A 6-year-old boy turned on the rear seat heater before falling asleep in his booster seat. When he woke up, the malfunctioning heater nearly burned him.
Nico’s mother, Lisa Montanaro, was driving her 2013 BMW X5 home when she smelled a strange odor in her vehicle. Her eyes started to burn, so she pulled off a highway to check her car and refill her gas tank.
She checked on her son in the backseat. She pulled the pillow out from behind Nico when the car filled with smoke.
When she ripped the pillow, it revealed a gaping hole had been burned into the pillow and the backseat.
Lisa hurried to get her son out of the car and stop pumping the gas. Nico sustained a small burn on his hand, and his sweatshirt and part of his blanket had melted together.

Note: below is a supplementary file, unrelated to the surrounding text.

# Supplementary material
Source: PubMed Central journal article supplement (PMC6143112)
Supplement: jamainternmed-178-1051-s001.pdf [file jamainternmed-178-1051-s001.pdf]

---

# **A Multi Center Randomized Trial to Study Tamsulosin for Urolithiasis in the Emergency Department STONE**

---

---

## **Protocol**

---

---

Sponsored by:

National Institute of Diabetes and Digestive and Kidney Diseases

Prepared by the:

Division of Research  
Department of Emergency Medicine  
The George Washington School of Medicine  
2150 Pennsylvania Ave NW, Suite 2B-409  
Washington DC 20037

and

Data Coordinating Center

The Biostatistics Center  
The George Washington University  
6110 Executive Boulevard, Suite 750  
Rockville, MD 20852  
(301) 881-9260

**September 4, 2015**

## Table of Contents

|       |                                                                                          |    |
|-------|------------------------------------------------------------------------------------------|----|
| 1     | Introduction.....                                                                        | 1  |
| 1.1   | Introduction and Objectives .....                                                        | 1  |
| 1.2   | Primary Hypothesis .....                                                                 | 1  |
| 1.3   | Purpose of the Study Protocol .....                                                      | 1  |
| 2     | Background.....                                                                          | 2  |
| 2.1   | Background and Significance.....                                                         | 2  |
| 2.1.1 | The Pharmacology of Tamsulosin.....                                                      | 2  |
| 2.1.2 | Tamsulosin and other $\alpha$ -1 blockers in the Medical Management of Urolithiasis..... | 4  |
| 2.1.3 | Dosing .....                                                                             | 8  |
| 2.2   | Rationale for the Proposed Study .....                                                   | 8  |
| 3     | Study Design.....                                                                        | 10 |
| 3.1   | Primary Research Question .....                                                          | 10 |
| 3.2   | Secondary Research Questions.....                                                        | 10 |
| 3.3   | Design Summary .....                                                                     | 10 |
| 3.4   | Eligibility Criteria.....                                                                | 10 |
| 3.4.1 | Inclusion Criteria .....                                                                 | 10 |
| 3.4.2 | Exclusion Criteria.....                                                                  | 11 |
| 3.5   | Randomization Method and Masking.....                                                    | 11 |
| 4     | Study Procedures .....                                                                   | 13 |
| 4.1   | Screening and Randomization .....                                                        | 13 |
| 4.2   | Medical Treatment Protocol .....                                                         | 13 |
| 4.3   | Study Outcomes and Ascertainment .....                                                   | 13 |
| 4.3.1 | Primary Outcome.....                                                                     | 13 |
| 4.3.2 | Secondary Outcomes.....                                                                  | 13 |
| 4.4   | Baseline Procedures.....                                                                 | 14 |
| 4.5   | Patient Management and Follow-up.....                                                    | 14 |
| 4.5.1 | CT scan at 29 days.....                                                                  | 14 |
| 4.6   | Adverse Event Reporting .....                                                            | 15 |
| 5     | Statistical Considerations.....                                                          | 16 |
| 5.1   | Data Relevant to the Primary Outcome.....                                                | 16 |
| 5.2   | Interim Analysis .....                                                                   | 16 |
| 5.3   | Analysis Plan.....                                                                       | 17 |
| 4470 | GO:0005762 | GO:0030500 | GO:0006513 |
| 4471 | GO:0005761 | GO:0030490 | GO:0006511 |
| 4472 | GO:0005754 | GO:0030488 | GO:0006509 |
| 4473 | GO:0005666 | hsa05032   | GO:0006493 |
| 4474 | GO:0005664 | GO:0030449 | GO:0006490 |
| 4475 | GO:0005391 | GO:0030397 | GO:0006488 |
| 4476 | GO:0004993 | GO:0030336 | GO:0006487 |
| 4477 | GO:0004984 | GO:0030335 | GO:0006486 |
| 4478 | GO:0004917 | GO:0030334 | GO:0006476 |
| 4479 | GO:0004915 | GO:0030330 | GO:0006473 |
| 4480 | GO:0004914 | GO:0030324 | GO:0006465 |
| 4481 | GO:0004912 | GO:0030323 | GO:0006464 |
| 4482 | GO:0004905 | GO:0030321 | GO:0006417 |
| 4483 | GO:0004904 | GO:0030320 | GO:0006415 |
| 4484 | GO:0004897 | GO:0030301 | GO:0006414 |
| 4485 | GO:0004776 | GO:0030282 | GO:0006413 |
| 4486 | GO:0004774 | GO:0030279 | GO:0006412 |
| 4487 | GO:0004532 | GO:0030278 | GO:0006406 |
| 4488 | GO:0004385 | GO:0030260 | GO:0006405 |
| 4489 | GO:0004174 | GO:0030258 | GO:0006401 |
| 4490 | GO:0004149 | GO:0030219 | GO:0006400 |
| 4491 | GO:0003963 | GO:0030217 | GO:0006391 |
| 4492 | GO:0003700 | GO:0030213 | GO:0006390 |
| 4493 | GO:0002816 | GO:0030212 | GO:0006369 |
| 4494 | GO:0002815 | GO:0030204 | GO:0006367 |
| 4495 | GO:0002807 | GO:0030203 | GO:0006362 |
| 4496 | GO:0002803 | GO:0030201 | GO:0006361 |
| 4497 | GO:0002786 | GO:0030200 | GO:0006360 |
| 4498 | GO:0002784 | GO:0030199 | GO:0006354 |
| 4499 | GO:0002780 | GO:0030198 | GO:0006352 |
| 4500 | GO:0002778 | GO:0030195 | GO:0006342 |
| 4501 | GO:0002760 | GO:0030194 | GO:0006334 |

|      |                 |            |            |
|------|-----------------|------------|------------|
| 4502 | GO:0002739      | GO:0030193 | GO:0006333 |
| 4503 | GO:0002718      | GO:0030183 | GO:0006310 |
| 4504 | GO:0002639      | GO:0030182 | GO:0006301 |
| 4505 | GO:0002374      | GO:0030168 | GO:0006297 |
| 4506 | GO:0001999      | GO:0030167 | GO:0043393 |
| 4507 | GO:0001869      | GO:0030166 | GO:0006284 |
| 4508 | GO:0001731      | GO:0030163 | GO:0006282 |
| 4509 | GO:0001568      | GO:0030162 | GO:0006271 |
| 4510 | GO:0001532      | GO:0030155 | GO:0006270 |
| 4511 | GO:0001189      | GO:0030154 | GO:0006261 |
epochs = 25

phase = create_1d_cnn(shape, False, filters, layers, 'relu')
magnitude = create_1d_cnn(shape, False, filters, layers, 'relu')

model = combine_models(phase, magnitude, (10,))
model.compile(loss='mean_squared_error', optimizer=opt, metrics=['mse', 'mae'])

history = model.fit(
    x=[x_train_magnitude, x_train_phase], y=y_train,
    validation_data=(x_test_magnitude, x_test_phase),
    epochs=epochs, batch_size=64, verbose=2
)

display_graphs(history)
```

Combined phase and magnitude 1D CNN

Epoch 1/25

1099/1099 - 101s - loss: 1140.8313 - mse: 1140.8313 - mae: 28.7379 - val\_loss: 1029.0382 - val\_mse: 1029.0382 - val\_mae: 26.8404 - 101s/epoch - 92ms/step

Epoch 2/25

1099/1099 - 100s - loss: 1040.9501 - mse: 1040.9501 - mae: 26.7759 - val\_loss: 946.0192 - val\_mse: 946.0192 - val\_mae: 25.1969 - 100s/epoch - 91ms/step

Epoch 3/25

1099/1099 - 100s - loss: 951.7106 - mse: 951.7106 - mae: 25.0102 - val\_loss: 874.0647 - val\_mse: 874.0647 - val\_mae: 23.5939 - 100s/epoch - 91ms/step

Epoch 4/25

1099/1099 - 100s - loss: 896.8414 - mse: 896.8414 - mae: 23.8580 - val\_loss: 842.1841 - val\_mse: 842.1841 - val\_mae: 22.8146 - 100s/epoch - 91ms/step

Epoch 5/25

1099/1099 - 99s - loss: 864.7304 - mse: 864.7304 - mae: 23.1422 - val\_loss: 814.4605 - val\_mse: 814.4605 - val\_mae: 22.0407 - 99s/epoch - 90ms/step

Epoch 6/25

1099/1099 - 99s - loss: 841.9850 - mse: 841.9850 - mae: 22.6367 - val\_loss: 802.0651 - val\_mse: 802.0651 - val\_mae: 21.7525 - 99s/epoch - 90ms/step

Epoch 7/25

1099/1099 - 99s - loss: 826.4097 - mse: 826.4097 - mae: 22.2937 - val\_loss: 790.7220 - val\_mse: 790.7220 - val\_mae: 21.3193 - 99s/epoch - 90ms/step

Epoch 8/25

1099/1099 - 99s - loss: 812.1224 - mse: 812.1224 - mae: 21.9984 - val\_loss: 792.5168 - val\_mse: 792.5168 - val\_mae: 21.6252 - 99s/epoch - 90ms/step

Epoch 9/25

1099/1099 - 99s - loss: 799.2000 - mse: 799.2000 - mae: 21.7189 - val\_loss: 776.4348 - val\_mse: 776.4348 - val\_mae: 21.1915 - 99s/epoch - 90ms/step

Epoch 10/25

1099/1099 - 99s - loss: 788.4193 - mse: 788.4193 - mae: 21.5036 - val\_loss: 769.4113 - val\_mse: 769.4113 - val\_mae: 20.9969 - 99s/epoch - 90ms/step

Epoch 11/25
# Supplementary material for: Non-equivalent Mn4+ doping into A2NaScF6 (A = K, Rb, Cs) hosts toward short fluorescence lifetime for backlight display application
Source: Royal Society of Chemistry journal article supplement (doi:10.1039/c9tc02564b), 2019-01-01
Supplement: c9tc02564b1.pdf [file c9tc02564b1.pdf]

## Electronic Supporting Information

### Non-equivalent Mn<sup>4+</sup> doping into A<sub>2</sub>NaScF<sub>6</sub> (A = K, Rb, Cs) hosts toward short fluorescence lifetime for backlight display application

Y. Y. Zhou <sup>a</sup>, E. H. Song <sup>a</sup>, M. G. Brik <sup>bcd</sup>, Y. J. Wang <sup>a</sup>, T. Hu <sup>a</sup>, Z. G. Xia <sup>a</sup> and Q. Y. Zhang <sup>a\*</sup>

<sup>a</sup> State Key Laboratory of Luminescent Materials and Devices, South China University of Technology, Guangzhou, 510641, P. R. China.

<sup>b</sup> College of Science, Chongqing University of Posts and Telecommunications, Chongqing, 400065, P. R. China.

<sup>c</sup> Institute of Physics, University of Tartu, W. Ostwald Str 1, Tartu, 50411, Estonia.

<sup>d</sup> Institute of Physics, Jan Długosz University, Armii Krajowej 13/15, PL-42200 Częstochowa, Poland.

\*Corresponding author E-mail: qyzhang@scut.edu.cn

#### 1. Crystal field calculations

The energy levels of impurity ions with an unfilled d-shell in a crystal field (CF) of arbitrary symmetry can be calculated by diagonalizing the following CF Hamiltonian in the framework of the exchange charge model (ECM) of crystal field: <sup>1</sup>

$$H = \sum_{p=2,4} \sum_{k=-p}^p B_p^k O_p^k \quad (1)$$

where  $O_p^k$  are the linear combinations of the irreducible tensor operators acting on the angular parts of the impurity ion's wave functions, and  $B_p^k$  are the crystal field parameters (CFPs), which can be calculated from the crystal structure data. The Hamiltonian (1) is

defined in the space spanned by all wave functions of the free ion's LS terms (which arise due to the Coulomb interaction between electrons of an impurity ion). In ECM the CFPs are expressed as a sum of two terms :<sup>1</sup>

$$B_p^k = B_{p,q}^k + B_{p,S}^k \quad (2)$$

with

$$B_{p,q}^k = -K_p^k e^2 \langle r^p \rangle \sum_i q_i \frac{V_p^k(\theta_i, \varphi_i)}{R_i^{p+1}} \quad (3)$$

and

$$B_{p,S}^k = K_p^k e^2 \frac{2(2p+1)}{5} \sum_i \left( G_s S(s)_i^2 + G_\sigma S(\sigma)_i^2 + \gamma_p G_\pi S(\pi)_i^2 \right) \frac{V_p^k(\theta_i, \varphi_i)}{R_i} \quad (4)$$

“In a million years, we never thought anything like that would happen,” Lisa told WBZ-TV in Boston.
Sean Kane, president of Safety Research and Strategies, said that seat heater malfunctions are not common but have been the subject of multiple recalls.
“Typically, they do not result in serious injuries or fatalities, which is the good news,” Kane told WBZ-TV. “The result of that is often times incidents go unreported especially if the dealer or manufacturer decides to fix the vehicle for someone.”
The National Highway Traffic Safety Administration publishes information on any recall associated with a specific vehicle. However, no recall related to rear seat heaters is listed for 2013 BMW X5 vehicles.
The family is now using a loaner car while the dealership determines what to do with the BMW X5.
Source: WBZ-TV, CBS